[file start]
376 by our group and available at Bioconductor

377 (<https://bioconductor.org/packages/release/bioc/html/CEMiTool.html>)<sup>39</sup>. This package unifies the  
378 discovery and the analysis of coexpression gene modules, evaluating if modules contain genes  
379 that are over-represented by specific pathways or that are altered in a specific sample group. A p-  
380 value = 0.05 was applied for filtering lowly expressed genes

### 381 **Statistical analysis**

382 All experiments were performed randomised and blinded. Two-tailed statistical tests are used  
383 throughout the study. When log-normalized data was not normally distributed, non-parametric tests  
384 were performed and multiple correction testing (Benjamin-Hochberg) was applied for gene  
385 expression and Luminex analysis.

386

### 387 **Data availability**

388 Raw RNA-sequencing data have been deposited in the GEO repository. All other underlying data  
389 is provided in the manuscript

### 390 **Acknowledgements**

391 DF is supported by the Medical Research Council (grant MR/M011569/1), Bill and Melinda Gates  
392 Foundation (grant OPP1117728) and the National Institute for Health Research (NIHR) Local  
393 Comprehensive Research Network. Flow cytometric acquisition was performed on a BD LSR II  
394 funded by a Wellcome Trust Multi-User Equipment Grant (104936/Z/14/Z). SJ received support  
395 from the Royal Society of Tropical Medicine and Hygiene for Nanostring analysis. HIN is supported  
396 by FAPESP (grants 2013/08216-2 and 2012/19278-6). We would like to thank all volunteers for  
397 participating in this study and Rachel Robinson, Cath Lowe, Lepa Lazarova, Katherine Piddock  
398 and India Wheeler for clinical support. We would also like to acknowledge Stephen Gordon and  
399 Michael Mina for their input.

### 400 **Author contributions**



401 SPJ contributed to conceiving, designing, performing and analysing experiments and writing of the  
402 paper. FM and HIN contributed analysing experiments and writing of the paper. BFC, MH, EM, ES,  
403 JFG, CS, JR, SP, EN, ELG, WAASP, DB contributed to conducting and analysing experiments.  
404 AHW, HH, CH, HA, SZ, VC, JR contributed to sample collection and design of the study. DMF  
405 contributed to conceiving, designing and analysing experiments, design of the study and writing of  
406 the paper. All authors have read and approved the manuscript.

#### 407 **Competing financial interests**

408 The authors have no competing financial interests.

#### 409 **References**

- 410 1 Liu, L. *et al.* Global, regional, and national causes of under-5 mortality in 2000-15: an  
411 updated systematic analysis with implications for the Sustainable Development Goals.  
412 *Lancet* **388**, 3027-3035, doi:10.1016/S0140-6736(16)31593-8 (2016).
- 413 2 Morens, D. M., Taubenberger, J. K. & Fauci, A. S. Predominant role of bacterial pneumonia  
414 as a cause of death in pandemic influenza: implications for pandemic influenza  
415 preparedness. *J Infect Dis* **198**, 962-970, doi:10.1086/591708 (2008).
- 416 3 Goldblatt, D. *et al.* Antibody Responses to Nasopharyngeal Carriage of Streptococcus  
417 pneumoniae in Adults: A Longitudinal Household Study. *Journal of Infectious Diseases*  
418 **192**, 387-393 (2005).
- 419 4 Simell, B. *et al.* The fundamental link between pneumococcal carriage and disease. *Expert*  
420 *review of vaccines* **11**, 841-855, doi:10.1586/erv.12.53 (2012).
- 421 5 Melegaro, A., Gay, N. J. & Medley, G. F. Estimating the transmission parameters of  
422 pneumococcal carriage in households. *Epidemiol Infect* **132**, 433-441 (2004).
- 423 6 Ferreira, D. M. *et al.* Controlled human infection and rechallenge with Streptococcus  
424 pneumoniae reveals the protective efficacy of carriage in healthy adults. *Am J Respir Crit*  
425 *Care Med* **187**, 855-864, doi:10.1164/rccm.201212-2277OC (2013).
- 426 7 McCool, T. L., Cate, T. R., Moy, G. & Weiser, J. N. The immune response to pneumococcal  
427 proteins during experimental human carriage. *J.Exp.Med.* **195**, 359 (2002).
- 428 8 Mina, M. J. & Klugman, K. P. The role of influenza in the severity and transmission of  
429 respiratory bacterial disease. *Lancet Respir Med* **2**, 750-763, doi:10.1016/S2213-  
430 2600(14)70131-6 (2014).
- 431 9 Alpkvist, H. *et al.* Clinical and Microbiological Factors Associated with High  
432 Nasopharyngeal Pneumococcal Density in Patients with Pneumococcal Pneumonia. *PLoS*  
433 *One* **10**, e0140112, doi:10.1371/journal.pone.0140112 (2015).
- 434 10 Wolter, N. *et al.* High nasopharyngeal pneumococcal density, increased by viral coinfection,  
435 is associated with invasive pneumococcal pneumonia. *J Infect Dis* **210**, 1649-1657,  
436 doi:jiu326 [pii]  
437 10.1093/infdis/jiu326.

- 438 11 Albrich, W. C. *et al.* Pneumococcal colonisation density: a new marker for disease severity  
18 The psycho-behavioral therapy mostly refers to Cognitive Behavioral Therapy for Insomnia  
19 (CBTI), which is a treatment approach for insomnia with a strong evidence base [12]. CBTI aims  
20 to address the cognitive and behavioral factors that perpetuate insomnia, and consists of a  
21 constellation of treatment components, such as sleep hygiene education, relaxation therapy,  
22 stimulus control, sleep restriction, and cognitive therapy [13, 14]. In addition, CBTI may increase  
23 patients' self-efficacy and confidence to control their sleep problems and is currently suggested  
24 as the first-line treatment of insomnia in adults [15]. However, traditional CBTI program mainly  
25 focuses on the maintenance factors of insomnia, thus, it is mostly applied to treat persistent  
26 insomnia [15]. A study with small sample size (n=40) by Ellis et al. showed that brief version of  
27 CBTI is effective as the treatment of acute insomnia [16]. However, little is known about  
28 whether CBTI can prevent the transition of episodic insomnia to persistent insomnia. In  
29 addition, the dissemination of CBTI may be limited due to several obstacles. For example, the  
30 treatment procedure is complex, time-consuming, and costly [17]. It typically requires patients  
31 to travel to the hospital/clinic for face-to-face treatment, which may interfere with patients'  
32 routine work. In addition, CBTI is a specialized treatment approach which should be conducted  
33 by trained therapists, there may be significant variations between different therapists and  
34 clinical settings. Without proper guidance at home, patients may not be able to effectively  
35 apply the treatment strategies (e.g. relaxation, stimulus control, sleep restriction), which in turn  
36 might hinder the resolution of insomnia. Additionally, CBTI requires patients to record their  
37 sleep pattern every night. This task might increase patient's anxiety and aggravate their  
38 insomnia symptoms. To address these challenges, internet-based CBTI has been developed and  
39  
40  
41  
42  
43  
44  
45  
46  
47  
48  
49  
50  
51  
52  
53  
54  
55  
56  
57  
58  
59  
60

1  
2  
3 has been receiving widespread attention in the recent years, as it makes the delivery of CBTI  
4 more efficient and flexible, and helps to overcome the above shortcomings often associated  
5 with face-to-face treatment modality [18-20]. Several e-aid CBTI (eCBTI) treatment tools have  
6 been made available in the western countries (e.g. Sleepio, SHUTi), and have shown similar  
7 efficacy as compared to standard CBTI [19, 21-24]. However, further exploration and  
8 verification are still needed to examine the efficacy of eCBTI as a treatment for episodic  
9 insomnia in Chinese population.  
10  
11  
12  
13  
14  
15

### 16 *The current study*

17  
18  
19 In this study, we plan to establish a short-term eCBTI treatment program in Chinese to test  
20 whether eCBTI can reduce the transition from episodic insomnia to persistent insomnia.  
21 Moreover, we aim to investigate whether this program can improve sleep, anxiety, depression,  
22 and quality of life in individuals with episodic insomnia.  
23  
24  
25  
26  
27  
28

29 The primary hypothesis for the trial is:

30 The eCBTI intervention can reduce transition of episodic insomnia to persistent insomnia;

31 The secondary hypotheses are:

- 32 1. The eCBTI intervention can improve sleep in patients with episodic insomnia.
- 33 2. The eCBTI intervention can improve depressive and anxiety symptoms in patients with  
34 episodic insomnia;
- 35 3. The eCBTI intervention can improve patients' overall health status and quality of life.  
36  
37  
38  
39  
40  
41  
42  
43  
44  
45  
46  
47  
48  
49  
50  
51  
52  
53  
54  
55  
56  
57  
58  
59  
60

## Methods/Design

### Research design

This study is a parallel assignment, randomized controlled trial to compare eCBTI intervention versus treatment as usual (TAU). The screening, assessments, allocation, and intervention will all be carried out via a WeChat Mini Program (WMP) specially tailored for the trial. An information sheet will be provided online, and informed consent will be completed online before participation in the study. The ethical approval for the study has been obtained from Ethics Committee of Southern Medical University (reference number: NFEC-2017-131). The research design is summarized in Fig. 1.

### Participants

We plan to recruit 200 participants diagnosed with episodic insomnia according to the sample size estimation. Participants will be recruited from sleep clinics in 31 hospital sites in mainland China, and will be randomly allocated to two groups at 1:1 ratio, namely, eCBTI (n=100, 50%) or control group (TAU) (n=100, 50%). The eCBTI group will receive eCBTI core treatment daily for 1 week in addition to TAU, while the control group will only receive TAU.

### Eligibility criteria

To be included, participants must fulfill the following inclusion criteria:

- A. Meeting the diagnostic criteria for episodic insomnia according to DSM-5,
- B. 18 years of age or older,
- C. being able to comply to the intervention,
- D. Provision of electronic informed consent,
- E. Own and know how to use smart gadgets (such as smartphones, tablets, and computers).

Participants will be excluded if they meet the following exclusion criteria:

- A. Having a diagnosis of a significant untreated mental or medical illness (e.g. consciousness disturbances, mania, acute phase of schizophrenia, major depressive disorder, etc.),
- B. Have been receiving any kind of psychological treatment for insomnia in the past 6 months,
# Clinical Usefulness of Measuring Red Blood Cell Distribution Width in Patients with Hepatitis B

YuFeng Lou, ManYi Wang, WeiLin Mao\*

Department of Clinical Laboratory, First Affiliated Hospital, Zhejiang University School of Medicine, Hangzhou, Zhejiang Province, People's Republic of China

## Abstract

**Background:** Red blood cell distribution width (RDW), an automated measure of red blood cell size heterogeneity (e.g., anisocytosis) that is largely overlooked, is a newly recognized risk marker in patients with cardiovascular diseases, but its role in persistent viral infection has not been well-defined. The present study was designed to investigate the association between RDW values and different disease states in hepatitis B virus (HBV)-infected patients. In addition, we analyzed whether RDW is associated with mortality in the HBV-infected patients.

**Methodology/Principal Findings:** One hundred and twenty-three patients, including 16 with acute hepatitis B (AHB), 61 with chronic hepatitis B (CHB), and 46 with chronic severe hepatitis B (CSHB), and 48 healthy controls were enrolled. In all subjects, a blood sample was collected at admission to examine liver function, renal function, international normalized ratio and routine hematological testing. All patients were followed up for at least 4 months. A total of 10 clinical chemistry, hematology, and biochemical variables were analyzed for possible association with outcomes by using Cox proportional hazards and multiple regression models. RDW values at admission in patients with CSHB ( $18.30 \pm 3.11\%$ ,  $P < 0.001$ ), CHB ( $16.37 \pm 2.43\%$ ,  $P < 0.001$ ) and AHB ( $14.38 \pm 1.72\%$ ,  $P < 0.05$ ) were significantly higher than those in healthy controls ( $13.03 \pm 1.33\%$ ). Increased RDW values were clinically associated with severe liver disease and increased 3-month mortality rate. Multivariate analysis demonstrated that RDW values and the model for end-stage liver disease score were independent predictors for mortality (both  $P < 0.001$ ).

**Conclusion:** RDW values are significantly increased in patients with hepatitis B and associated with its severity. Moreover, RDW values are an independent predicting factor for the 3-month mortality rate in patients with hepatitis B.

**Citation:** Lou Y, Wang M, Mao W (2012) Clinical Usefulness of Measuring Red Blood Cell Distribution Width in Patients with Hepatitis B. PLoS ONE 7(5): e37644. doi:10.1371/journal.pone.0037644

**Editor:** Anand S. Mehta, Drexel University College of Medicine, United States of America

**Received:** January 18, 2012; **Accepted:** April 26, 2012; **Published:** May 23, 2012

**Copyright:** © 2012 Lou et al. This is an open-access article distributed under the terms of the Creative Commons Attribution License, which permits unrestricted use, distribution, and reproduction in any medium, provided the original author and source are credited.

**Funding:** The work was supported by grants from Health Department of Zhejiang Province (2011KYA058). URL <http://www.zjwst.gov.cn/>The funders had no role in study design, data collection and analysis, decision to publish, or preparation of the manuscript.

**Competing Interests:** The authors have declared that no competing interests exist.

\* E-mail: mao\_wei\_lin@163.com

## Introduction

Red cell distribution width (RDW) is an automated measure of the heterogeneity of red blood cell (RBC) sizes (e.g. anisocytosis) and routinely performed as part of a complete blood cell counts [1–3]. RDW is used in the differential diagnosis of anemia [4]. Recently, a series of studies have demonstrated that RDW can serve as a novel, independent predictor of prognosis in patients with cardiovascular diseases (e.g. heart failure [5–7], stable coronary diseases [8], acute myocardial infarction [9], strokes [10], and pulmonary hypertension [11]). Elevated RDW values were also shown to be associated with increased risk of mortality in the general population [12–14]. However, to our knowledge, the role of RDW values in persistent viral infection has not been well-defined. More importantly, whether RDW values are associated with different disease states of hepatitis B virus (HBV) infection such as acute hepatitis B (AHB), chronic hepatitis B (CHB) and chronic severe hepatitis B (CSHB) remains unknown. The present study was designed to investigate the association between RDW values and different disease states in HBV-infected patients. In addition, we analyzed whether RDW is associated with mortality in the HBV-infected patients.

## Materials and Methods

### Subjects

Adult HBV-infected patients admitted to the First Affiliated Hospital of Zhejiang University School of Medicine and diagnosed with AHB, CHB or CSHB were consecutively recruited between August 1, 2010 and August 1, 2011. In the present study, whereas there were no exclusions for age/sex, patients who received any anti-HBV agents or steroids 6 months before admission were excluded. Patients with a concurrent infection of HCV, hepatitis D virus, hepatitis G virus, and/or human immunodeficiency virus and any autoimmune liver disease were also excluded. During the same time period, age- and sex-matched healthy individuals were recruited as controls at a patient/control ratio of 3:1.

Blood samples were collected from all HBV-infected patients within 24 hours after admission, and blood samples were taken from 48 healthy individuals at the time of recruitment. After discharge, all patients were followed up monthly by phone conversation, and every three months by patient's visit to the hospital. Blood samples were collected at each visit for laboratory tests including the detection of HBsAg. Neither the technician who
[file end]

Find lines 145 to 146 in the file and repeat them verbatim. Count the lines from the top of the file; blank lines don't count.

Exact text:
39  
40  